November 08, 2008
The Economic Situation: Some Random Snapshots
The latest employment release was stunning, insofar as the NFP employment figure was far below consensus . Net job loss was 240K, rather than 200K; moreover, September job loss was revised upward by 125K. In addition to Jim's assessment, some reaction is summarized here. The acceleration in net job loss is depicted in Figure 1.
Figure 1: Nonfarm payroll employment, seasonally adjusted, various releases. Source: BLS, employment situation, various releases.
Note that Figure 1 highlights, by virtue of plotting the previous vintages of employment releases, the constant downward revision of payroll employment figures. While Dash of Insight's Jeff Miller has pointed that these revisions are small relative to the benchmark revisions will come our way, the latest revisions do seem to be getting bigger.
Justin Fox has correctly pointed out that quantitatively, net job loss in September and October is quite small, at 0.4%. Even with expected revisions, this percentage for September-October will not change substantially. Most Americans will remain employed throughout this downturn, and adjustment will occur at the margins. One of those margins is the extent to which employed Americans are working. Figure 2 depicts aggregate hours against nonfarm payroll employment, both normalized to peak values in 2007M12.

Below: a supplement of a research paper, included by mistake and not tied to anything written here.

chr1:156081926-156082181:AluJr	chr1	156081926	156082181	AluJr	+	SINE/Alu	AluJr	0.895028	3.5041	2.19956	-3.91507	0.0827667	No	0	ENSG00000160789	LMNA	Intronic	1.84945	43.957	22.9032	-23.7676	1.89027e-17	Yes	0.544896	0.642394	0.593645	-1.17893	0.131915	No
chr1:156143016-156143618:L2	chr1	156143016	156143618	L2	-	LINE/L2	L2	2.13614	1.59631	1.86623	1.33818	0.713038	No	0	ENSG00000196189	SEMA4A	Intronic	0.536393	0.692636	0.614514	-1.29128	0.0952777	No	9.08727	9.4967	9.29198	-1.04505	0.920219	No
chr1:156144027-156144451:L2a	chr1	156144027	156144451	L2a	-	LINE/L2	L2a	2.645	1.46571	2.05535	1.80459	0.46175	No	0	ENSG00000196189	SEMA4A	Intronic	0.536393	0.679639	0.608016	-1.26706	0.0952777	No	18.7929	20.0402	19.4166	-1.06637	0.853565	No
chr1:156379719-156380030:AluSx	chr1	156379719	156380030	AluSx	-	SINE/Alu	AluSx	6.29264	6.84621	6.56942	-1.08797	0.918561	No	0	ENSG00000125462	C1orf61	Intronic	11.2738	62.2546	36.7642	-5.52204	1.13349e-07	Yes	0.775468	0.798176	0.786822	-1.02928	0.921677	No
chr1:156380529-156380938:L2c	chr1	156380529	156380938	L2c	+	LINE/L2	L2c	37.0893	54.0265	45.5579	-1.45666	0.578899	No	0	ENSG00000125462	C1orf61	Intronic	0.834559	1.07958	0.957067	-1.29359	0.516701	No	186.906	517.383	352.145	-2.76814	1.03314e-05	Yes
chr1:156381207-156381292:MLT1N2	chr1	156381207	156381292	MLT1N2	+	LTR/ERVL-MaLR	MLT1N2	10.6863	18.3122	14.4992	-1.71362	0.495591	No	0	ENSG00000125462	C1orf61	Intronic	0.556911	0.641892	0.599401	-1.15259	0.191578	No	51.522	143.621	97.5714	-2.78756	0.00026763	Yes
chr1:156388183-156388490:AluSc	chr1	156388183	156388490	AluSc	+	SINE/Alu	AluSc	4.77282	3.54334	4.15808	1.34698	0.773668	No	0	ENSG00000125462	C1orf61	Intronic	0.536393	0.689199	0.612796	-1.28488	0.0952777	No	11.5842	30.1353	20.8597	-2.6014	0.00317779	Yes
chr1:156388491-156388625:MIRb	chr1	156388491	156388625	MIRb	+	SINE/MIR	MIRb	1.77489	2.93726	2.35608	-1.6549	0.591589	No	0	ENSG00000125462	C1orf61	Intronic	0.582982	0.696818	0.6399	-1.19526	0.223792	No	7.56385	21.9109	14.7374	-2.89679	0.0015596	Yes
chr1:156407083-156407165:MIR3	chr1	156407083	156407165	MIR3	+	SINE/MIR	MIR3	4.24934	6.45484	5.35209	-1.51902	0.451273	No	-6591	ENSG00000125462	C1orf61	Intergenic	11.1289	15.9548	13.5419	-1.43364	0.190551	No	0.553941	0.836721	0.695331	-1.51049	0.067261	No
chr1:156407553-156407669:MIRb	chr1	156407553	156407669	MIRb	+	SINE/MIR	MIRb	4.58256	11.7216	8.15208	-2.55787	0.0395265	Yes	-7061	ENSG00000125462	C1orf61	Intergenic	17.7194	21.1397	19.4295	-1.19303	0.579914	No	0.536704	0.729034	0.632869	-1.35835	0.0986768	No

Figure 2: Log Nonfarm payroll employment, seasonally adjusted (blue) and log aggregate weekly hours index, seasonally adjusted (red), normalized to 2007M12 peak. NBER defined recession dates shaded gray. Tan shading denotes period after 07M12. Source: BLS, employment situation, November 7, 2008.
While employment has fallen 0.9% (in log terms) from peak at 07M12, aggregate hours worked have fallen 1.8%.
In terms of output, we've certainly had plenty of bad news. Here is the most recent take from e-forecasting.
Figure 3: Estimated log GDP from e-forecasting (blue), and from Macroeconomic Advisers (Ch.2000$). Tan shading denotes period after 07M12. Source: e-forecasting 10/16 and 11/7 releases and Macroeconomic Advisers [xls] 10/16 release.
According to e-forecasting, October GDP is declining 3.7% m/m at an annual rate (in log terms).
Here's Bloomberg's assessment.
Posted by Menzie Chinn at November 8, 2008 04:40 PMdigg this | reddit
Excellent graphics Menzie ...the picture is so frightening, if it weren't for the margin comments
(Most Americans will remain employed throughout this downturn, and adjustment will occur at the margins.)
I would have split for the big box stores to load up on canned goods.
In fact, I'm not even over-weight when I ponder my girth...just a little thick at the margins.
But this bit was somewhat less consoling:
One of those margins is the extent to which employed Americans are working
thinking about the easy (fabulous) [outrageous] money made in the housing sector and the job ( psychological, social] dislocations/disruptions that are coming...
ok, canned goods and ammo.
Posted by: calmo at November 8, 2008 06:52 PM
Paraphrasing Justine Fox Menzie wrote:
Most Americans will remain employed throughout this downturn, and adjustment will occur at the margins.